A 1,200-square-foot electronic billboard will decorate the rising Grant Street Transportation Center as part of a deal between Pittsburgh officials and Lamar Advertising to trade old, paper signs for new, illuminated ones.
Because of its size and cost, the sign would normally need zoning board and planning commission approval, but it is proceeding with neither. Pat Ford, executive director of the Urban Redevelopment Authority, said yesterday that he backed an administrator's decision to authorize the sign without any other approvals, because the deal will reduce the number of billboards in the Strip District, Downtown and Lawrenceville.
He said city code "is silent" on deals that can reduce "nonconformities" like old billboards that don't meet new standards.
"My interpretation is, where the code is silent, I'm going to try to improve the greater good of the area," he said.
"Just to have another big advertising billboard, which is apparently the intent of this, I don't see the need for that," said state Sen. Jim Ferlo, D-Highland Park. He called it "a waste of creative space."
The Pittsburgh Parking Authority is building the center, which will include a Greyhound Lines station and 1,050 parking spaces, is due to open in June.
The building will sit where the central business district, the Strip District and the Cultural District meet.
In December, the authority asked the city zoning office for permission to put a 20-foot-by-60-foot LED advertising sign on the garage side facing Grant Street. The bottom of the sign would sit 32 feet above street level. Zoning administrator Susan Tymoczko approved it a week later.
City code normally would demand a zoning board review of a sign that, Mr. Ford confirms, is far larger than anything that had previously been on that site. The cost of installing the sign will be several times the $50,000 limit that triggers planning commission review of Downtown construction.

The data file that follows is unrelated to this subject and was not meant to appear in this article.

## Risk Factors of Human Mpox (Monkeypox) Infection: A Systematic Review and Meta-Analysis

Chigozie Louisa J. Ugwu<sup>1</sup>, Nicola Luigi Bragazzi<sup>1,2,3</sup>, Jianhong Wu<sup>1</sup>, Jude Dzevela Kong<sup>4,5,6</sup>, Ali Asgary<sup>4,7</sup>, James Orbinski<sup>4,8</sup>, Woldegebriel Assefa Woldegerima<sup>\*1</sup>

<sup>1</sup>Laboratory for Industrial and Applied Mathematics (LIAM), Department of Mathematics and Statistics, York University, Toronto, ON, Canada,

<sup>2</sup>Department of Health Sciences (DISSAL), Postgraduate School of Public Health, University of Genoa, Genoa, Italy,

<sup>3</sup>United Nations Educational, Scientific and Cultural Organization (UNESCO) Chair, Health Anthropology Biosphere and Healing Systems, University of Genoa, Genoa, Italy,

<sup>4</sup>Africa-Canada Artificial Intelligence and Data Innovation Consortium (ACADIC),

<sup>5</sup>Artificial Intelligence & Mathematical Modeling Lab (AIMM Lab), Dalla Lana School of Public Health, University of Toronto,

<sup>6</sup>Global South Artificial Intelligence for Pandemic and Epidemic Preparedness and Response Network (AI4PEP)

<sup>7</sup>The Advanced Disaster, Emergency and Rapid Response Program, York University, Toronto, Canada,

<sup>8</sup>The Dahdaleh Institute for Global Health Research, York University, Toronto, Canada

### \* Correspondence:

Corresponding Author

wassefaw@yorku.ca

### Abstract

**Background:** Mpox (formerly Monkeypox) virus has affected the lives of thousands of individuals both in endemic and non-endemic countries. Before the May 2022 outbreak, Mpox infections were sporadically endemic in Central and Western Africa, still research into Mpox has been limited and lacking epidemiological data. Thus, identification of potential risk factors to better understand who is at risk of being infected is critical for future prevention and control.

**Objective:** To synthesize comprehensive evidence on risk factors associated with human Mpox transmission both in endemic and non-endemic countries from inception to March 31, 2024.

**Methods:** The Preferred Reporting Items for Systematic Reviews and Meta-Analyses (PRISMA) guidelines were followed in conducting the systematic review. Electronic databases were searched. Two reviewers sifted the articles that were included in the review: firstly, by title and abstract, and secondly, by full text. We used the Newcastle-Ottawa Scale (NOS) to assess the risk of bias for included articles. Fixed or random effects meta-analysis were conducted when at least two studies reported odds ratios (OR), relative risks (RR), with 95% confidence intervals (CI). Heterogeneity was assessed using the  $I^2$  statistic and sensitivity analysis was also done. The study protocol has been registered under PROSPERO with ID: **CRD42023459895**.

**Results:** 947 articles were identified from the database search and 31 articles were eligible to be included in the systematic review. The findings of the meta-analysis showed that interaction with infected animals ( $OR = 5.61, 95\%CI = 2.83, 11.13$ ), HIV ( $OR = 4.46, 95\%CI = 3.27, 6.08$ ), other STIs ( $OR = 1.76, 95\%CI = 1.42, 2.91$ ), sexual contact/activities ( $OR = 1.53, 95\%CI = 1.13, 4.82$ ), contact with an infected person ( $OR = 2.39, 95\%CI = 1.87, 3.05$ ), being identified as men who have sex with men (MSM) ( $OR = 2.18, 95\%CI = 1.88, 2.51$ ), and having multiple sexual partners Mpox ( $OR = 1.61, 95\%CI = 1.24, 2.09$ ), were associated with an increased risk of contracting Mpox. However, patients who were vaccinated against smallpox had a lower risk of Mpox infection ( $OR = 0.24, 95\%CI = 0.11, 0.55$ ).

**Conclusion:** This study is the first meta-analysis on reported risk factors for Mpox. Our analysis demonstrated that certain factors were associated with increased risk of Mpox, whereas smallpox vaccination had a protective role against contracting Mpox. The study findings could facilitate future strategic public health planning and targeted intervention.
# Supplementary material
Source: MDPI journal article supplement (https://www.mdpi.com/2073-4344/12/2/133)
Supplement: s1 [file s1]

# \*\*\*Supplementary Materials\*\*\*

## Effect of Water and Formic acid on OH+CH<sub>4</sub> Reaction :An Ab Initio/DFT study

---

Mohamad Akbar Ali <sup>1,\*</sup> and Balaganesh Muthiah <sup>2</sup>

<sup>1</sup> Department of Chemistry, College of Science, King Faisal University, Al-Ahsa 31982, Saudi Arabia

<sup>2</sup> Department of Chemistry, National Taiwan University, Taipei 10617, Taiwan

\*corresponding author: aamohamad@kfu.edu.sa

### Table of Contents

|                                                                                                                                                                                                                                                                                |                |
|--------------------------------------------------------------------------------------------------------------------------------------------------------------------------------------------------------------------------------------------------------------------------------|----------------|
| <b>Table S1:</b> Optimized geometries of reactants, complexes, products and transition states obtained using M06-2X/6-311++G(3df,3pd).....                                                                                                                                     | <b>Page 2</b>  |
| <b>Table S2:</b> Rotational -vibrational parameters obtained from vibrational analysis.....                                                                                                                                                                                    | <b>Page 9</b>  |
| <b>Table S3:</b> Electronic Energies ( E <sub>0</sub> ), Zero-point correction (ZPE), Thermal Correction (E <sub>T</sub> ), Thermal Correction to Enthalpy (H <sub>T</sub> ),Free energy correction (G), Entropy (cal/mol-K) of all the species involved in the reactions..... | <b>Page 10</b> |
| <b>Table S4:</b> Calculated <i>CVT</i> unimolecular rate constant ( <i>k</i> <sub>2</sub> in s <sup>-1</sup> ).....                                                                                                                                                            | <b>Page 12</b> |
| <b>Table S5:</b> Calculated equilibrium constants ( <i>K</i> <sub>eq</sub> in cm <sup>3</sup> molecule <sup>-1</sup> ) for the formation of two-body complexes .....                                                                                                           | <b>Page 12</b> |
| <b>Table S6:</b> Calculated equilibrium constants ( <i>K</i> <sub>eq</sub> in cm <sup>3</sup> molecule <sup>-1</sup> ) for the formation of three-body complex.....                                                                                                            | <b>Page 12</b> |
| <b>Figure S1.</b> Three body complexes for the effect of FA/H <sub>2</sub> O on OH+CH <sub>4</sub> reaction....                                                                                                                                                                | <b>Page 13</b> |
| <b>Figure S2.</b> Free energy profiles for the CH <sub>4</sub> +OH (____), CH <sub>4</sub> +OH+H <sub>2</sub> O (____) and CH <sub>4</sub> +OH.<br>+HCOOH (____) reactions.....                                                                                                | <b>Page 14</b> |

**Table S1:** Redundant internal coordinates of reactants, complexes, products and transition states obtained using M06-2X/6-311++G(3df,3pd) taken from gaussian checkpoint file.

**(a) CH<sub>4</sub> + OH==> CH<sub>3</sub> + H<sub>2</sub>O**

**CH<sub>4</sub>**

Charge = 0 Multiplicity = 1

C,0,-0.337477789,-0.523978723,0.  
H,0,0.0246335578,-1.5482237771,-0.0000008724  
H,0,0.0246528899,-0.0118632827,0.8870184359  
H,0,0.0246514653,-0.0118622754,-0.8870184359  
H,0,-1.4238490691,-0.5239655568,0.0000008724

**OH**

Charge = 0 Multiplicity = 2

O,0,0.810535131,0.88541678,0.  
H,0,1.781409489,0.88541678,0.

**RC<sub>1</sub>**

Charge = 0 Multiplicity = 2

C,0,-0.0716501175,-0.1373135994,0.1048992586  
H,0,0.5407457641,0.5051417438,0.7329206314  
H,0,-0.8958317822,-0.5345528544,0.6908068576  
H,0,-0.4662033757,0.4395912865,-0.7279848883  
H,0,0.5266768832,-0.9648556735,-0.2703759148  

Mr. Ford said he and Ms. Tymoczko instead relied on a deal he had forged with Lamar during former Mayor Tom Murphy's administration, when he was zoning administrator. Then, the city agreed to let Lamar build six LED billboards in return for taking down 36 traditional signs that he called "visual blight."
Parking authority Executive Director David Onorato said his agency will pay nothing for the sign, will charge Lamar rent, "and it enhances my building big-time."
John DeSantis, executive director of the Duquesne Light Home & Garden Show, which will occupy the convention center next month, noted that city officials have long sought to turn Grant Street into a regal thoroughfare.
"If the culmination of this grand boulevard is this lighted, digital billboard, what did you go and spend all of that money for?" he asked.
Rich Lord can be reached at firstname.lastname@example.org or 412-263-1542.